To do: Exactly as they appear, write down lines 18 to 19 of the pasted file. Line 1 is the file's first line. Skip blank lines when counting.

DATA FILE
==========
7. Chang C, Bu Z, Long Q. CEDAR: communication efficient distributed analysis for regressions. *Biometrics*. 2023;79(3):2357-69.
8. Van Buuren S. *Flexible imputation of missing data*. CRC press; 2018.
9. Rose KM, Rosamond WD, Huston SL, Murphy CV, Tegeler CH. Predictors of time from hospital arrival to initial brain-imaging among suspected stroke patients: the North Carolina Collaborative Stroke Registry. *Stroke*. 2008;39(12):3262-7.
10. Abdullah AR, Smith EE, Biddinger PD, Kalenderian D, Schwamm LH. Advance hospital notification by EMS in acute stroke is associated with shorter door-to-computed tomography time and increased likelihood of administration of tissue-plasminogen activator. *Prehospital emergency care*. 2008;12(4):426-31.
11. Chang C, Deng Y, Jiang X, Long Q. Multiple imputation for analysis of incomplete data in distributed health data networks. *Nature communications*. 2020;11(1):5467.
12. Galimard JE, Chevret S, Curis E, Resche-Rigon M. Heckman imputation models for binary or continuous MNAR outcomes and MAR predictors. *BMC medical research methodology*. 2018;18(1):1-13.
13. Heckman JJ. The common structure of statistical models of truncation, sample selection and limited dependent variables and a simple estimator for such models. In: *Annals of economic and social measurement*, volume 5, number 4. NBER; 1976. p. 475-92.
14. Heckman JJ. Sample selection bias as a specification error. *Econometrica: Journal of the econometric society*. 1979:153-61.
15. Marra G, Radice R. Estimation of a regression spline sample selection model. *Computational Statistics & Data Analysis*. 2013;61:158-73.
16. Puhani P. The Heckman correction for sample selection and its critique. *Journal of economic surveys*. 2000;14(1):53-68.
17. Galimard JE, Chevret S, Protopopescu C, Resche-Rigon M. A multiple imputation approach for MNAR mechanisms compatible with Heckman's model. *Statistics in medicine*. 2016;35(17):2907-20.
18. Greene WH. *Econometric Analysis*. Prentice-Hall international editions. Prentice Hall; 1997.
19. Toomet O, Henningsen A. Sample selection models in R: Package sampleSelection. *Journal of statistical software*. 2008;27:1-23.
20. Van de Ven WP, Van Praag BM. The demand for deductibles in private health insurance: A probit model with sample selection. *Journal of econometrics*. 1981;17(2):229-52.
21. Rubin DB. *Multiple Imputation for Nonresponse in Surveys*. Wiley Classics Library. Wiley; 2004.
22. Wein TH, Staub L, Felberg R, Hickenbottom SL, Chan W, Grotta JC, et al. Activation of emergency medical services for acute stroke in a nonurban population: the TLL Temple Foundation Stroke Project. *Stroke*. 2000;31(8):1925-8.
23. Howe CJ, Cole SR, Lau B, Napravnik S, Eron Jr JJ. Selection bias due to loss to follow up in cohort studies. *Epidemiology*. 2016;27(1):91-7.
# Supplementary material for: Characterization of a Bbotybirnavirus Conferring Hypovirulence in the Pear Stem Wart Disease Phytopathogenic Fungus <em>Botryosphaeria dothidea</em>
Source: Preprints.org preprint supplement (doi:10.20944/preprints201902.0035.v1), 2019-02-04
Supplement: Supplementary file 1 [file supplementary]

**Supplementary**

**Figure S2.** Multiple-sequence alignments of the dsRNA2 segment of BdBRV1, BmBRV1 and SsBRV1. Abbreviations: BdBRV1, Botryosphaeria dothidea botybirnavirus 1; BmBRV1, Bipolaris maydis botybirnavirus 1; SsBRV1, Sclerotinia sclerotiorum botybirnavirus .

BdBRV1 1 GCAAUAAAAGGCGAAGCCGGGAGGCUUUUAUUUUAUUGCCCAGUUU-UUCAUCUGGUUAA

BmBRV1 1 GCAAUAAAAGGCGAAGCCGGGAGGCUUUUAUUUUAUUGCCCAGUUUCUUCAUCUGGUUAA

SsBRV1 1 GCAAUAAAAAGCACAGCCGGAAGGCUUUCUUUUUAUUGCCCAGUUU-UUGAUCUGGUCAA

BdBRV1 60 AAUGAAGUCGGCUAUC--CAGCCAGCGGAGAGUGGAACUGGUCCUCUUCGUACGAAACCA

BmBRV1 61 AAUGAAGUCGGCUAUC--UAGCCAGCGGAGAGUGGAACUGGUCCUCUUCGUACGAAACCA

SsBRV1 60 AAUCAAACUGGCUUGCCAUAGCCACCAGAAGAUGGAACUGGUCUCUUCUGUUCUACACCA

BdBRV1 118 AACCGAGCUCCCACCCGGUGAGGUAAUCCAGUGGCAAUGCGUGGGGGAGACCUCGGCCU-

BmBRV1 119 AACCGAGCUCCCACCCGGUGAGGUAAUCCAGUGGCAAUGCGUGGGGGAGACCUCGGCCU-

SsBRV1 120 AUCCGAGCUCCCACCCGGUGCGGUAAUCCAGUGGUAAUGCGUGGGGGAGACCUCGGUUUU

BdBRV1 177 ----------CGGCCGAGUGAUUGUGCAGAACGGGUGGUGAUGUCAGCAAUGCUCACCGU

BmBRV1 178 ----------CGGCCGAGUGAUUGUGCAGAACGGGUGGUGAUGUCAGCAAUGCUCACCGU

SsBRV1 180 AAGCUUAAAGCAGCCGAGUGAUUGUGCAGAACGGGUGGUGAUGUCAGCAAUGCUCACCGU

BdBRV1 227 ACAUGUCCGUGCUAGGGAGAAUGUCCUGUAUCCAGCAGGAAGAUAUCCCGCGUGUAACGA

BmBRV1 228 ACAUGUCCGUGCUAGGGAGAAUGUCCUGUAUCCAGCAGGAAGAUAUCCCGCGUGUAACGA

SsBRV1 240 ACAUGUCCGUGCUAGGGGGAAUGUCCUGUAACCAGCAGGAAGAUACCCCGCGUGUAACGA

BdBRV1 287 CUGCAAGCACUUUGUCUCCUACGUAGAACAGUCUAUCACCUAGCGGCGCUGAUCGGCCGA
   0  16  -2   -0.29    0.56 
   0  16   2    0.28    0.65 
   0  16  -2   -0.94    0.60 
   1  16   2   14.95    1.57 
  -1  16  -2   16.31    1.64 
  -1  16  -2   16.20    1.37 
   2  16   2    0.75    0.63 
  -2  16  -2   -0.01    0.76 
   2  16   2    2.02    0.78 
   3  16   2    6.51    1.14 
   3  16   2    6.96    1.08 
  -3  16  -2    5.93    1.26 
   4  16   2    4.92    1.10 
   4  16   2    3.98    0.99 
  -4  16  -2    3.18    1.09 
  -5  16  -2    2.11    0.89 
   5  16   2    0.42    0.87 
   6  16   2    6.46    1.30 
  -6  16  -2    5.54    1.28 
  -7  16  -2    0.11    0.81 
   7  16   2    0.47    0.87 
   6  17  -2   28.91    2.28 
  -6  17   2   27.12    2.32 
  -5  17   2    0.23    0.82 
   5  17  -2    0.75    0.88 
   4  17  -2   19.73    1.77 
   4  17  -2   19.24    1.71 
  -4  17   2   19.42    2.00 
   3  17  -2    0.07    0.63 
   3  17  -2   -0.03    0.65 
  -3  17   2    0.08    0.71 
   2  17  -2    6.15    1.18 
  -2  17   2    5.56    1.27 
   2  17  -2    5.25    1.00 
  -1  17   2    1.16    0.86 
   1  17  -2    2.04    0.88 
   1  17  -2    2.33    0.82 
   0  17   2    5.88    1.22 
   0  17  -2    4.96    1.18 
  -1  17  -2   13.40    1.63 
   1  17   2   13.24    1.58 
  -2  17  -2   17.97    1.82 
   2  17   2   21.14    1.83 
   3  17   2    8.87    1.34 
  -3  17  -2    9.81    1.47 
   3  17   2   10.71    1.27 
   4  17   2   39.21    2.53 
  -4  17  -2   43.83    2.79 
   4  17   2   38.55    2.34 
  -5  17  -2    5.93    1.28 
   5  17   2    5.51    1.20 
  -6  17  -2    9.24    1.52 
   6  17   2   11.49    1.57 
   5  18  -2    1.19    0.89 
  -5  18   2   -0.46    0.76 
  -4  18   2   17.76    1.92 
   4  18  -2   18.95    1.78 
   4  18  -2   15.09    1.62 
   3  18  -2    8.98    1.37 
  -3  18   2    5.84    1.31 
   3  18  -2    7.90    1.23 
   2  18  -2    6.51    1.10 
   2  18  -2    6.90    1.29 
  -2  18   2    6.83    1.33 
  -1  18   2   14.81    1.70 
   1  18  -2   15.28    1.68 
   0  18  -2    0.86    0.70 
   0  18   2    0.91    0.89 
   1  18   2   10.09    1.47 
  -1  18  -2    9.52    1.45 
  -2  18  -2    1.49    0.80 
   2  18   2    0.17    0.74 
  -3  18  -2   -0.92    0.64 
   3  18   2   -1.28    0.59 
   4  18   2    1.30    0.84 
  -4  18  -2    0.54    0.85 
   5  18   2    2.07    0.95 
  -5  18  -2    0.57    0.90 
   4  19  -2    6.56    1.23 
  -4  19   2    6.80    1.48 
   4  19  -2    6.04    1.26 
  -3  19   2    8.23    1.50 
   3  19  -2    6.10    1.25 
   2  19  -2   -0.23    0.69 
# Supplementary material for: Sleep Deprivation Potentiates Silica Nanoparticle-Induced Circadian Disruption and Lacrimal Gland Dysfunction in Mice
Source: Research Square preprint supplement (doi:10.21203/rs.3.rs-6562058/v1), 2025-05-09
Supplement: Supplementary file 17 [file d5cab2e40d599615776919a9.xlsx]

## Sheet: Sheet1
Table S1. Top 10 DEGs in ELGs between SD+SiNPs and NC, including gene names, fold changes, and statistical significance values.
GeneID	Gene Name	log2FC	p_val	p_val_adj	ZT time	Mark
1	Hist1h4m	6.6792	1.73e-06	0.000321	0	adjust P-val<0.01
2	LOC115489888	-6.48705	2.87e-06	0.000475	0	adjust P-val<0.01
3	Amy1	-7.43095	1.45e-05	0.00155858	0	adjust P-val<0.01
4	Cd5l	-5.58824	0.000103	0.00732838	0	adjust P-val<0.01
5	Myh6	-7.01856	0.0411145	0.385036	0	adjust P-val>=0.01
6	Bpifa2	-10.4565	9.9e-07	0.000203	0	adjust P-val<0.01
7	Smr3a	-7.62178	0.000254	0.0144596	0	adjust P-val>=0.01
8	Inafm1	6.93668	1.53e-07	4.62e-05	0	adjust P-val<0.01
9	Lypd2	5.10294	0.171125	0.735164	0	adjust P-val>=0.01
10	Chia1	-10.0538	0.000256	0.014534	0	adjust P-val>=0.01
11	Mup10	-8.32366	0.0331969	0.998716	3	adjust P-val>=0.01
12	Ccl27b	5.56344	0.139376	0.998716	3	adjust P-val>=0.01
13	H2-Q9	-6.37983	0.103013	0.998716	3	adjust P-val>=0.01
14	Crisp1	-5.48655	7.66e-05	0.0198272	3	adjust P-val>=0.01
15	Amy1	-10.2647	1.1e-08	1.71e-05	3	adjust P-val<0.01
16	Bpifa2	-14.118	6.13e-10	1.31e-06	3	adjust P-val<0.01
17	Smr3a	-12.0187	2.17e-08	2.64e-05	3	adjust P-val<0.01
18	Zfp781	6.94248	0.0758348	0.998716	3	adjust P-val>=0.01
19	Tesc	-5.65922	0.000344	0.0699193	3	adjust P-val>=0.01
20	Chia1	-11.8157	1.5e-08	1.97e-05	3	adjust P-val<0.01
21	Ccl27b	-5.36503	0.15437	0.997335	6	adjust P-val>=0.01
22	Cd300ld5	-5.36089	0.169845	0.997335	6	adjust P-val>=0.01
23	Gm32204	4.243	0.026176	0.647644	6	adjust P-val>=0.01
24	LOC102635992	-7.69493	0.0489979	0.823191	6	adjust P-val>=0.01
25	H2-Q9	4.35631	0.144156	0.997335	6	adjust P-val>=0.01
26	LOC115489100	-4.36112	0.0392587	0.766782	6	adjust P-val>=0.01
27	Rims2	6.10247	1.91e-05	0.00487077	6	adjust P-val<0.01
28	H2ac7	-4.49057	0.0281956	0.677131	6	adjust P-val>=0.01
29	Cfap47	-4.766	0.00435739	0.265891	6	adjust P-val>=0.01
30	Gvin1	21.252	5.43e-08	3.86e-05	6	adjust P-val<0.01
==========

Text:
# Supplementary material for: Characterization of a Bbotybirnavirus Conferring Hypovirulence in the Pear Stem Wart Disease Phytopathogenic Fungus <em>Botryosphaeria dothidea</em>
Source: Preprints.org preprint supplement (doi:10.20944/preprints201902.0035.v1), 2019-02-04